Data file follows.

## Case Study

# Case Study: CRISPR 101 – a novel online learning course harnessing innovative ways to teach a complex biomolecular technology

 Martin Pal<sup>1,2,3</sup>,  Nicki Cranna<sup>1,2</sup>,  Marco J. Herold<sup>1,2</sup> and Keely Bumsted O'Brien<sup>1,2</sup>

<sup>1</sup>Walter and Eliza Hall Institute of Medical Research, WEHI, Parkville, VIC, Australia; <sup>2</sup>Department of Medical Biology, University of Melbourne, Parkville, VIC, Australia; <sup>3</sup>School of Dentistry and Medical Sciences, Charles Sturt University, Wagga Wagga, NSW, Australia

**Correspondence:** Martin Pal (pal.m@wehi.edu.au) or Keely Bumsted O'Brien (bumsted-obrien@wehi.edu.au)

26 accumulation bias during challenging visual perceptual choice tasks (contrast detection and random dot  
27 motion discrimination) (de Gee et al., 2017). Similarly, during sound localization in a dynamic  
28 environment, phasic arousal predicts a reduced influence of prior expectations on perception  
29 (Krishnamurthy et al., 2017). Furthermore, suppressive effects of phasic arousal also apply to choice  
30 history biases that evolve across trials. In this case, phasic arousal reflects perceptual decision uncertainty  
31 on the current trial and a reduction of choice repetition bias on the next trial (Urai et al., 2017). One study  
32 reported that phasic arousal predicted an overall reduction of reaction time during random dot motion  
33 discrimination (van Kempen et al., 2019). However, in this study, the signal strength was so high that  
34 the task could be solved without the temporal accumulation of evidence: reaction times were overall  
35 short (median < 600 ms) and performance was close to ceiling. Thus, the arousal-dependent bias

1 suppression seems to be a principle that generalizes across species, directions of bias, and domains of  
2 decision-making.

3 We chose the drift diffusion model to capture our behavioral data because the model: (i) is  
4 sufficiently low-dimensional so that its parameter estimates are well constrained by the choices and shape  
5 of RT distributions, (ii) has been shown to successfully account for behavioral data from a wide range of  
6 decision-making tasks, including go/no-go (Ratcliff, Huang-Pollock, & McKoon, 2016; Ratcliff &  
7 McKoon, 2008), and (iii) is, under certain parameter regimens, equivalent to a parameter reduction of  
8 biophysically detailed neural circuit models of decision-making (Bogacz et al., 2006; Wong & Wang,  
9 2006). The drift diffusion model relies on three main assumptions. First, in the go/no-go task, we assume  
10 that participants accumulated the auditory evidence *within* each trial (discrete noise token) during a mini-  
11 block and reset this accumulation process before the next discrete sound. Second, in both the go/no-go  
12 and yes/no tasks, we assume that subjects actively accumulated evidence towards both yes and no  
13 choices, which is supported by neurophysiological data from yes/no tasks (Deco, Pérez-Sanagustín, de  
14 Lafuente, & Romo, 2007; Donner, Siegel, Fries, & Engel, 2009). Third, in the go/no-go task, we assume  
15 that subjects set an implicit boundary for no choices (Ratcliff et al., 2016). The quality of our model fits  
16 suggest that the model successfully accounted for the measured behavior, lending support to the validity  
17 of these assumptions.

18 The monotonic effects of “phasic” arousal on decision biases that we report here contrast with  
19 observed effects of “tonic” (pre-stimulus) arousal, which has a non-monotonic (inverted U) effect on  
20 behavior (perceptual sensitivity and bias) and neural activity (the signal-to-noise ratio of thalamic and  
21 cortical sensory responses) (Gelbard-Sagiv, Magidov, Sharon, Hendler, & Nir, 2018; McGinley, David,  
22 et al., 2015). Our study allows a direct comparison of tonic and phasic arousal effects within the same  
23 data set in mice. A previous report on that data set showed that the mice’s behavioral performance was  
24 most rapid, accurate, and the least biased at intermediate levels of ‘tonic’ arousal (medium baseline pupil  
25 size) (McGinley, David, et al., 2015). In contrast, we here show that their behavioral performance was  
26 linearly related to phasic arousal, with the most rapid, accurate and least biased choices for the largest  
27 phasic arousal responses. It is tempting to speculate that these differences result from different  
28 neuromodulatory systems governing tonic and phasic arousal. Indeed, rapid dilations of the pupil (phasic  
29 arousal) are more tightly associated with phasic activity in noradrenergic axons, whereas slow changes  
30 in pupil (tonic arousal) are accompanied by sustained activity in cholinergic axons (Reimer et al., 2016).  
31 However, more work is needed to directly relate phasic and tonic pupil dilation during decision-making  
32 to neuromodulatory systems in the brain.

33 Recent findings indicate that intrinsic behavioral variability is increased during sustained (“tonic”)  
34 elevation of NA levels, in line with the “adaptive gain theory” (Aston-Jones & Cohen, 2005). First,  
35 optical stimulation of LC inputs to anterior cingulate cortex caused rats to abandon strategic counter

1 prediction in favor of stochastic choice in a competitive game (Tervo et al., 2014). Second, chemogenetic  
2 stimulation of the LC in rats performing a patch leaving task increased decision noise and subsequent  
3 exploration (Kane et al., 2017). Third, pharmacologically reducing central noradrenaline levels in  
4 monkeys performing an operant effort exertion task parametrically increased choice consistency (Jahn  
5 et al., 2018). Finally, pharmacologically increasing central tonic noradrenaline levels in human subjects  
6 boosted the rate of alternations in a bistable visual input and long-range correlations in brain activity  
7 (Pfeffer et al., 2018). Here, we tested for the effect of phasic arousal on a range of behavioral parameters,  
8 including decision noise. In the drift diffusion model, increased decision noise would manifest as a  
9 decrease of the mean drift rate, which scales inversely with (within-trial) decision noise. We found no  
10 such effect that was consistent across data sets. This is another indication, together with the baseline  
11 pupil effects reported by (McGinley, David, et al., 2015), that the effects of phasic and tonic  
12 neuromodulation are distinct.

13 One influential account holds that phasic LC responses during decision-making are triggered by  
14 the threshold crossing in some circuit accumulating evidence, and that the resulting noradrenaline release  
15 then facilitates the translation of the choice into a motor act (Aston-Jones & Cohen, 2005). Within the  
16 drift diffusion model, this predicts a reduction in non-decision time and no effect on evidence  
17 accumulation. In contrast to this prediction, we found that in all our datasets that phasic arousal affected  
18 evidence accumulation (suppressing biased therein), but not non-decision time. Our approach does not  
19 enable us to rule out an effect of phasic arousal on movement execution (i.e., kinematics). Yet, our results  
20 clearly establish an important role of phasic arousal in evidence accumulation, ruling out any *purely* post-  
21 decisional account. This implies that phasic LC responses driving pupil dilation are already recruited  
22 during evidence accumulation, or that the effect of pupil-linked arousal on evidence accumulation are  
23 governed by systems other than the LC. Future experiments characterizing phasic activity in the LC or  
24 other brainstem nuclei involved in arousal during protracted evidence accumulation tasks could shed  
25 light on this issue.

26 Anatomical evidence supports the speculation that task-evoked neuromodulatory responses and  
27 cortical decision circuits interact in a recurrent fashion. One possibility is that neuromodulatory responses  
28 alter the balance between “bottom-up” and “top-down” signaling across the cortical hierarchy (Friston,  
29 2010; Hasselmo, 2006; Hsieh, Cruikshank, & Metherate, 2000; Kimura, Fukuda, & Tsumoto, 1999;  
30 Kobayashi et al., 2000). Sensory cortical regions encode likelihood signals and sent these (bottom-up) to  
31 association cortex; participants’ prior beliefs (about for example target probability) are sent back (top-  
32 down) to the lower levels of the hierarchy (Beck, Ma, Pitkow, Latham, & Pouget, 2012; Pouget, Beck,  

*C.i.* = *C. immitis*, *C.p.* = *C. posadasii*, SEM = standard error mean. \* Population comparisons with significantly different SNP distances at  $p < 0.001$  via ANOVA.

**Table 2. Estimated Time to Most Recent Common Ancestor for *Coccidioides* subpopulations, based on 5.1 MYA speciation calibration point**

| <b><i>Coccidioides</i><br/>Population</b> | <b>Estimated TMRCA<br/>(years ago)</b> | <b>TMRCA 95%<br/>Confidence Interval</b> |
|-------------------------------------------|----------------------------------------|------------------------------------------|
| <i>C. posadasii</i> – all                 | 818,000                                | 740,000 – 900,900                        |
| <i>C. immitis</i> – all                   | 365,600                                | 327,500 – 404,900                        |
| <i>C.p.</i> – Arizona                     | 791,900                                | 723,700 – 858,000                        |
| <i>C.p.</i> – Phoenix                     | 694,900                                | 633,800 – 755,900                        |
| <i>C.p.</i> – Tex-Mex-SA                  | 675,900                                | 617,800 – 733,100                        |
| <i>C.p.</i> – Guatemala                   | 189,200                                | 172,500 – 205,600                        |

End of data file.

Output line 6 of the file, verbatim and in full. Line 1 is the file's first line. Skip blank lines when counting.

26 accumulation bias during challenging visual perceptual choice tasks (contrast detection and random dot  